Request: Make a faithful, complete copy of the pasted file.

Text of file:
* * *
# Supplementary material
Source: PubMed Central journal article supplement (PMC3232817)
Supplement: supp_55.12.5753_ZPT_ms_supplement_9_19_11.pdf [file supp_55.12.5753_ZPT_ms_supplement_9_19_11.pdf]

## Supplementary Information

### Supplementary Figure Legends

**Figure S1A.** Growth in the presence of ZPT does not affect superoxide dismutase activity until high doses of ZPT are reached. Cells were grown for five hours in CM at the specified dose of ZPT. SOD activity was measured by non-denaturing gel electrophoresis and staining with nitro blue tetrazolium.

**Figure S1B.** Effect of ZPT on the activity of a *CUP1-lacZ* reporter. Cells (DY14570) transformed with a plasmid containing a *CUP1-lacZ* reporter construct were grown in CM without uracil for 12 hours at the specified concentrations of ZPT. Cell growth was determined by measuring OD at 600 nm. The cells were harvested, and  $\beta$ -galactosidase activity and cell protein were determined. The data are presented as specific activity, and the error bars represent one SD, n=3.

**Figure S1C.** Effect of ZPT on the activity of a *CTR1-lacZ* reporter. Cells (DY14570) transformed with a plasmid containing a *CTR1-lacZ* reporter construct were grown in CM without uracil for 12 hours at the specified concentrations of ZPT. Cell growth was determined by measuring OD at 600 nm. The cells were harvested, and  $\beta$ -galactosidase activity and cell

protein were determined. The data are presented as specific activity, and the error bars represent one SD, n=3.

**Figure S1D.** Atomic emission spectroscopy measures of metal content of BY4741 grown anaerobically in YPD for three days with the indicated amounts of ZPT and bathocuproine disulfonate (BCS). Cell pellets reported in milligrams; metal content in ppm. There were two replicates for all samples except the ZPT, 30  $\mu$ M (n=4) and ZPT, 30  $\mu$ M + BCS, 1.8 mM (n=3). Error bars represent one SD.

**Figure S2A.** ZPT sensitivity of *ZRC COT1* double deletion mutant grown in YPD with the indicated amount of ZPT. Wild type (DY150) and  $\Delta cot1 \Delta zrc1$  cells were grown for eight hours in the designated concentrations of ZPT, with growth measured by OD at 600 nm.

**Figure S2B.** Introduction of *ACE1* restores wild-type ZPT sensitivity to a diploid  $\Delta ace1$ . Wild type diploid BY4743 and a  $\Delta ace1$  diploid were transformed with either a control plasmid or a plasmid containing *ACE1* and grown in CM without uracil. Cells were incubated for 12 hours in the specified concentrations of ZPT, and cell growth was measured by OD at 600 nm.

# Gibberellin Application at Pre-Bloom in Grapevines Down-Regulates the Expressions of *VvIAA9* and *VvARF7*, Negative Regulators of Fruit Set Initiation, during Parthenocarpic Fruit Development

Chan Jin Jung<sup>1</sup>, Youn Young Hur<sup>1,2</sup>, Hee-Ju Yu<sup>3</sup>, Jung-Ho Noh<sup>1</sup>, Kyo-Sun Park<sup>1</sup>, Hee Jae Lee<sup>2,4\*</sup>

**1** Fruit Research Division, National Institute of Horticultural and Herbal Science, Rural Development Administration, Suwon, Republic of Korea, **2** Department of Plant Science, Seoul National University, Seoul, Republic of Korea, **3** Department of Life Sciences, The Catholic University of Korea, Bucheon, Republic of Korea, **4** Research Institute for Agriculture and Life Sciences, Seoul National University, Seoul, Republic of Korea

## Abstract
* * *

# Supplementary material
Source: PubMed Central journal article supplement (PMC3232817)
Supplement: supp_55.12.5753_ZPT_ms_supplement_9_19_11.pdf [file supp_55.12.5753_ZPT_ms_supplement_9_19_11.pdf]

## Supplementary Information

### Supplementary Figure Legends

**Figure S1A.** Growth in the presence of ZPT does not affect superoxide dismutase activity until high doses of ZPT are reached. Cells were grown for five hours in CM at the specified dose of ZPT. SOD activity was measured by non-denaturing gel electrophoresis and staining with nitro blue tetrazolium.

**Figure S1B.** Effect of ZPT on the activity of a *CUP1-lacZ* reporter. Cells (DY14570) transformed with a plasmid containing a *CUP1-lacZ* reporter construct were grown in CM without uracil for 12 hours at the specified concentrations of ZPT. Cell growth was determined by measuring OD at 600 nm. The cells were harvested, and  $\beta$ -galactosidase activity and cell protein were determined. The data are presented as specific activity, and the error bars represent one SD, n=3.

**Figure S1C.** Effect of ZPT on the activity of a *CTR1-lacZ* reporter. Cells (DY14570) transformed with a plasmid containing a *CTR1-lacZ* reporter construct were grown in CM without uracil for 12 hours at the specified concentrations of ZPT. Cell growth was determined by measuring OD at 600 nm. The cells were harvested, and  $\beta$ -galactosidase activity and cell

protein were determined. The data are presented as specific activity, and the error bars represent one SD, n=3.

**Figure S1D.** Atomic emission spectroscopy measures of metal content of BY4741 grown anaerobically in YPD for three days with the indicated amounts of ZPT and bathocuproine disulfonate (BCS). Cell pellets reported in milligrams; metal content in ppm. There were two replicates for all samples except the ZPT, 30  $\mu$ M (n=4) and ZPT, 30  $\mu$ M + BCS, 1.8 mM (n=3). Error bars represent one SD.

**Figure S2A.** ZPT sensitivity of *ZRC COT1* double deletion mutant grown in YPD with the indicated amount of ZPT. Wild type (DY150) and  $\Delta cot1 \Delta zrc1$  cells were grown for eight hours in the designated concentrations of ZPT, with growth measured by OD at 600 nm.

**Figure S2B.** Introduction of *ACE1* restores wild-type ZPT sensitivity to a diploid  $\Delta ace1$ . Wild type diploid BY4743 and a  $\Delta ace1$  diploid were transformed with either a control plasmid or a plasmid containing *ACE1* and grown in CM without uracil. Cells were incubated for 12 hours in the specified concentrations of ZPT, and cell growth was measured by OD at 600 nm.

# Gibberellin Application at Pre-Bloom in Grapevines Down-Regulates the Expressions of *VvIAA9* and *VvARF7*, Negative Regulators of Fruit Set Initiation, during Parthenocarpic Fruit Development

Chan Jin Jung<sup>1</sup>, Youn Young Hur<sup>1,2</sup>, Hee-Ju Yu<sup>3</sup>, Jung-Ho Noh<sup>1</sup>, Kyo-Sun Park<sup>1</sup>, Hee Jae Lee<sup>2,4\*</sup>

**1** Fruit Research Division, National Institute of Horticultural and Herbal Science, Rural Development Administration, Suwon, Republic of Korea, **2** Department of Plant Science, Seoul National University, Seoul, Republic of Korea, **3** Department of Life Sciences, The Catholic University of Korea, Bucheon, Republic of Korea, **4** Research Institute for Agriculture and Life Sciences, Seoul National University, Seoul, Republic of Korea

## Abstract